What might be needed is an automatic do-over.  Since most of the buildings on the island have fallen down, it makes more sense to bulldoze them all and start over.  Under the auspices of the United Nations, member countries could lend Haiti heavy equipment and expertise.  They could hire thousands of locals to tear down their own country and build it back up.

They could send in temporary housing, like all those trailers rusting away outside of New Orleans or use old ships or tent cities.  Mobile hospitals would come next, along with eating facilities and warehouses for aid.  They would then concentrate on building cheap, but affordable housing and let people move out of the temp facilities.

Stores, schools and shops would follow, along with buildings for emergency services and hospitals.  America alone could send in hundreds, if not thousands of people knowledgeable in construction.  They could ascertain the state of repairs needed and plan on how to rebuild the island.

In other words, we could do to  Haiti what we’ve vainly been trying to do in Iraq and Afghanistan.  Only, aside from some thugs and gangbangers, we wouldn’t have active violent opposition.

It sounds cruel, but we can use Haiti as a test case for rebuilding America.  That’s because we have this strange mindset that says that nation building is for some far-off place like Baghdad or Kabul.  It can’t be in our own backyard.  Yet, it was in our own backyard in New Orleans and most of the Gulf Coast in 2005 with Katrina and Rita.  And, sadly, we’re still bungling it.  Heck, we’ve bungled the site of the World Trade Center.

That might be a deterrent to trying to rebuild Haiti, but it shouldn’t be.  A successful effort in rebuilding Haiti could create a functioning democracy.  It would deal a blow to thugs like Hugo Chavez in Venezuela and the Castros in Cuba who like to tell their people that America only wants to keep the Caribbean under its boot.

It would create opportunities for Americans to work and it would show us how to fix our own infrastructure.

But, most of it, it would get us all to work together again, not be at each other’s throats as red state-blue state.

As I recall, the name of this country is the United States of America.

It’s high time we acted like that again, for our own sakes.

There’s a reason why vanilla is still the favorite

12 01 2010

I wasn’t going to weigh in on the whole NBC late night mess, but I had to after reading a few blogs today, especially from Mindy Monez of TWoP.  She said one good thing about having Leno back in late night would be so we could all go back to ignoring him again.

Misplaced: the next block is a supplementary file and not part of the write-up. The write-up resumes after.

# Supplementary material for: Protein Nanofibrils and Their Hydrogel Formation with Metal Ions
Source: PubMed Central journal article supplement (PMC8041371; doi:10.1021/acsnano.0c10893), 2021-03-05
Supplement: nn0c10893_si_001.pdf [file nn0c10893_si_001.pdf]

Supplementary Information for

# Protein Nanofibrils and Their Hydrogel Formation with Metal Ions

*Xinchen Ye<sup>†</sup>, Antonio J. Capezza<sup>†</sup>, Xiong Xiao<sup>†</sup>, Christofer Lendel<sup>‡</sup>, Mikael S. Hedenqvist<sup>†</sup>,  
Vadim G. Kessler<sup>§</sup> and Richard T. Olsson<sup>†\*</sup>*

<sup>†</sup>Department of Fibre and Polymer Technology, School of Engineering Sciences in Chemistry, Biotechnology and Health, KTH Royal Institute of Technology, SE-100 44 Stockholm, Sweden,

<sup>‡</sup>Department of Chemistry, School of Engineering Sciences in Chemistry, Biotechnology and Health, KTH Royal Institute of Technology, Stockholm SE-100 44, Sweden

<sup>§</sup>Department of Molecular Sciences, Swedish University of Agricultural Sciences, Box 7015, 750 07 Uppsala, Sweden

Years ago, when I wrote sports for the Fort Worth Star-Telegram, I got grief from my fellow writers for liking Leno’s jokes better than Letterman’s monologue.

While I had to agree that Leno wasn’t nearly as edgy and hip as Letterman, I had numbers on my side.  Leno regularly killed Letterman in the ratings.  Why?  Because he gave middle America what it wanted — steady humor, good interviews and great guests.

And while I almost always stayed up to catch Conan O’Brien (and, by extension, Triumph and “In the Year 2000”), I felt that COB was in his proper slot.  His humor was edgier, but directed at a more precise audience.  Leno’s viewers, many of whom grew up watching Johnny Carson, liked broader, cleaner humor.

I’d like to remind everybody that this is America — home of the brave, land of the free.  There is room for everybody.

Mindy Monez might not care for Leno, but a lot of people do.  She can’t assume that everyone thinks like she does.  A rather large portion of America seems to be getting fed up with all the stuff being put out on Facebook and Twitter and with all the reality shows like “Jersey Shore.”  I think they want something mild and entertaining as a counterweight.

Sure, “South Park” and “Family Guy” are edgy, but many people still watch “The Simpsons.”

“CSI: Miami” and “NCIS” are tops in the ratings, but a large percentage of the viewing public still enjoys the “Law & Order” franchise.  They want good drama, but maybe they don’t want all the violence and gratuitous sex and immorality shown on “Saving Grace” and “Sons of Anarchy.”

Those shows have loyal followings.  They co-exist with L&O.  There’s no need to can L&O to put more shows like “SoA” and “Saving Grace” on the air.

To sum up, a trip to Bruster’s or Braum’s will show people buying chunky chocolate and pistachio and white chocolate truffle, but it’s no accident that the best-selling flavor of ice cream year after year is vanilla.  With all the new “edgy” and “hip” flavors coming and going, it’s nice to know there’s an old standby just waiting for everyone.